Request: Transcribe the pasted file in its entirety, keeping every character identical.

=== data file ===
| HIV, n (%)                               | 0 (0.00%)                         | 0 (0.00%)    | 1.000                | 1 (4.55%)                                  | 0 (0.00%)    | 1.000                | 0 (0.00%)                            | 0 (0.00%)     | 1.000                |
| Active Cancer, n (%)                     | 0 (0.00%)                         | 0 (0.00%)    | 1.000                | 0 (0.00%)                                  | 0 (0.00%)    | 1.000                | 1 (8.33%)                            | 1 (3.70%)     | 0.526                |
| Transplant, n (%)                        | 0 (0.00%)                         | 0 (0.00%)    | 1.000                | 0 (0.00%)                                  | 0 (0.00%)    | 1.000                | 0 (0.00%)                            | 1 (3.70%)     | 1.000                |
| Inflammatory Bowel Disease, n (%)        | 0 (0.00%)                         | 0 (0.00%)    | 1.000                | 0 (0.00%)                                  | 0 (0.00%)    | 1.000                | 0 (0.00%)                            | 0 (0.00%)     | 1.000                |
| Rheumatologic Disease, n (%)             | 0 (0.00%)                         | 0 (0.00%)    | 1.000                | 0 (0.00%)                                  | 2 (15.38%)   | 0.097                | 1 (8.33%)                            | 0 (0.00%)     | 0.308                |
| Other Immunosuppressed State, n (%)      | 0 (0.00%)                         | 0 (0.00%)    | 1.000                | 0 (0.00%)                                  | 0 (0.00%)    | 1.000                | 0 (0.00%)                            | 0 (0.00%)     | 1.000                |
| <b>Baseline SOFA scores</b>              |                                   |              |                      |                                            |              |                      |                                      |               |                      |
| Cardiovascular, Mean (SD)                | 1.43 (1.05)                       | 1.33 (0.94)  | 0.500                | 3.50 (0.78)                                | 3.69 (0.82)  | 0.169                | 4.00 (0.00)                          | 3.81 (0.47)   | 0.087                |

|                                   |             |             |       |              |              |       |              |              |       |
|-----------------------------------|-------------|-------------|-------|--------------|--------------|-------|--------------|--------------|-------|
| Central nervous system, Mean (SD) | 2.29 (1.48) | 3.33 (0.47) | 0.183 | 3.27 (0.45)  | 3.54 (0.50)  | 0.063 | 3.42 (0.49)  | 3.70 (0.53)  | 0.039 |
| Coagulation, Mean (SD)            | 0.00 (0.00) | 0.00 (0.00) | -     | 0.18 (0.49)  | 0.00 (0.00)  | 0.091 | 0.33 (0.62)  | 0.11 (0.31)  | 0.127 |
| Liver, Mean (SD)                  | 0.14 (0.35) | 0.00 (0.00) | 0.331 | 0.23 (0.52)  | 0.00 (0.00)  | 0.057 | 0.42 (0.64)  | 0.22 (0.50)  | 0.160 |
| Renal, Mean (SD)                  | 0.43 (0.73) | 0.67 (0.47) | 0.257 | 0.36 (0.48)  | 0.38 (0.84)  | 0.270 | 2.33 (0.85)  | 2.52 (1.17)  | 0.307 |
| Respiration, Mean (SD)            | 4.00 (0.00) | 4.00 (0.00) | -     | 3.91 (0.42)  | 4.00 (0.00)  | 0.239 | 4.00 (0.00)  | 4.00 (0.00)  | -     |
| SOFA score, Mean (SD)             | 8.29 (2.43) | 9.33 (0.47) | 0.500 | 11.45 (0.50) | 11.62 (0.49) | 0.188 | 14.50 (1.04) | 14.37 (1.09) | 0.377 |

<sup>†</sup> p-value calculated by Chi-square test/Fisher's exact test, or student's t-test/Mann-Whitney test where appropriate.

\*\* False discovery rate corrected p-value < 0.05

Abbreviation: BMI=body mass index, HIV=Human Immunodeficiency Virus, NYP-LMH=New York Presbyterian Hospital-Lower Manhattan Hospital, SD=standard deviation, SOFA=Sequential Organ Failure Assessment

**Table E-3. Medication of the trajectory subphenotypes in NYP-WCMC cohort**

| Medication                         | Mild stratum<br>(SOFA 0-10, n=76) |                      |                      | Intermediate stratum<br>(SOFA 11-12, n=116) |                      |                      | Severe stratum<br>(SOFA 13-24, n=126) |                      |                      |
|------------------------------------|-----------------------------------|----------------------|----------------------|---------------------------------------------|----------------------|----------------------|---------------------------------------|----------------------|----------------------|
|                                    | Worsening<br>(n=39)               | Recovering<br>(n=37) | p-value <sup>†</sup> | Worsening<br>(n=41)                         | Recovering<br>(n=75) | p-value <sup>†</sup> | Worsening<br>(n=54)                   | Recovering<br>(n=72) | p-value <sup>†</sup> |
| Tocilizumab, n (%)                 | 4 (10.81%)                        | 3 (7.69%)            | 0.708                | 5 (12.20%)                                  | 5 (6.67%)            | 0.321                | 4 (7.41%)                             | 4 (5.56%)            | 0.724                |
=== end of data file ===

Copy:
| HIV, n (%)                               | 0 (0.00%)                         | 0 (0.00%)    | 1.000                | 1 (4.55%)                                  | 0 (0.00%)    | 1.000                | 0 (0.00%)                            | 0 (0.00%)     | 1.000                |
| Active Cancer, n (%)                     | 0 (0.00%)                         | 0 (0.00%)    | 1.000                | 0 (0.00%)                                  | 0 (0.00%)    | 1.000                | 1 (8.33%)                            | 1 (3.70%)     | 0.526                |
| Transplant, n (%)                        | 0 (0.00%)                         | 0 (0.00%)    | 1.000                | 0 (0.00%)                                  | 0 (0.00%)    | 1.000                | 0 (0.00%)                            | 1 (3.70%)     | 1.000                |
| Inflammatory Bowel Disease, n (%)        | 0 (0.00%)                         | 0 (0.00%)    | 1.000                | 0 (0.00%)                                  | 0 (0.00%)    | 1.000                | 0 (0.00%)                            | 0 (0.00%)     | 1.000                |
| Rheumatologic Disease, n (%)             | 0 (0.00%)                         | 0 (0.00%)    | 1.000                | 0 (0.00%)                                  | 2 (15.38%)   | 0.097                | 1 (8.33%)                            | 0 (0.00%)     | 0.308                |
| Other Immunosuppressed State, n (%)      | 0 (0.00%)                         | 0 (0.00%)    | 1.000                | 0 (0.00%)                                  | 0 (0.00%)    | 1.000                | 0 (0.00%)                            | 0 (0.00%)     | 1.000                |
| <b>Baseline SOFA scores</b>              |                                   |              |                      |                                            |              |                      |                                      |               |                      |
| Cardiovascular, Mean (SD)                | 1.43 (1.05)                       | 1.33 (0.94)  | 0.500                | 3.50 (0.78)                                | 3.69 (0.82)  | 0.169                | 4.00 (0.00)                          | 3.81 (0.47)   | 0.087                |

|                                   |             |             |       |              |              |       |              |              |       |
|-----------------------------------|-------------|-------------|-------|--------------|--------------|-------|--------------|--------------|-------|
| Central nervous system, Mean (SD) | 2.29 (1.48) | 3.33 (0.47) | 0.183 | 3.27 (0.45)  | 3.54 (0.50)  | 0.063 | 3.42 (0.49)  | 3.70 (0.53)  | 0.039 |
| Coagulation, Mean (SD)            | 0.00 (0.00) | 0.00 (0.00) | -     | 0.18 (0.49)  | 0.00 (0.00)  | 0.091 | 0.33 (0.62)  | 0.11 (0.31)  | 0.127 |
| Liver, Mean (SD)                  | 0.14 (0.35) | 0.00 (0.00) | 0.331 | 0.23 (0.52)  | 0.00 (0.00)  | 0.057 | 0.42 (0.64)  | 0.22 (0.50)  | 0.160 |
| Renal, Mean (SD)                  | 0.43 (0.73) | 0.67 (0.47) | 0.257 | 0.36 (0.48)  | 0.38 (0.84)  | 0.270 | 2.33 (0.85)  | 2.52 (1.17)  | 0.307 |
| Respiration, Mean (SD)            | 4.00 (0.00) | 4.00 (0.00) | -     | 3.91 (0.42)  | 4.00 (0.00)  | 0.239 | 4.00 (0.00)  | 4.00 (0.00)  | -     |
| SOFA score, Mean (SD)             | 8.29 (2.43) | 9.33 (0.47) | 0.500 | 11.45 (0.50) | 11.62 (0.49) | 0.188 | 14.50 (1.04) | 14.37 (1.09) | 0.377 |

<sup>†</sup> p-value calculated by Chi-square test/Fisher's exact test, or student's t-test/Mann-Whitney test where appropriate.

\*\* False discovery rate corrected p-value < 0.05

Abbreviation: BMI=body mass index, HIV=Human Immunodeficiency Virus, NYP-LMH=New York Presbyterian Hospital-Lower Manhattan Hospital, SD=standard deviation, SOFA=Sequential Organ Failure Assessment

**Table E-3. Medication of the trajectory subphenotypes in NYP-WCMC cohort**

| Medication                         | Mild stratum<br>(SOFA 0-10, n=76) |                      |                      | Intermediate stratum<br>(SOFA 11-12, n=116) |                      |                      | Severe stratum<br>(SOFA 13-24, n=126) |                      |                      |
|------------------------------------|-----------------------------------|----------------------|----------------------|---------------------------------------------|----------------------|----------------------|---------------------------------------|----------------------|----------------------|
|                                    | Worsening<br>(n=39)               | Recovering<br>(n=37) | p-value <sup>†</sup> | Worsening<br>(n=41)                         | Recovering<br>(n=75) | p-value <sup>†</sup> | Worsening<br>(n=54)                   | Recovering<br>(n=72) | p-value <sup>†</sup> |
| Tocilizumab, n (%)                 | 4 (10.81%)                        | 3 (7.69%)            | 0.708                | 5 (12.20%)                                  | 5 (6.67%)            | 0.321                | 4 (7.41%)                             | 4 (5.56%)            | 0.724                |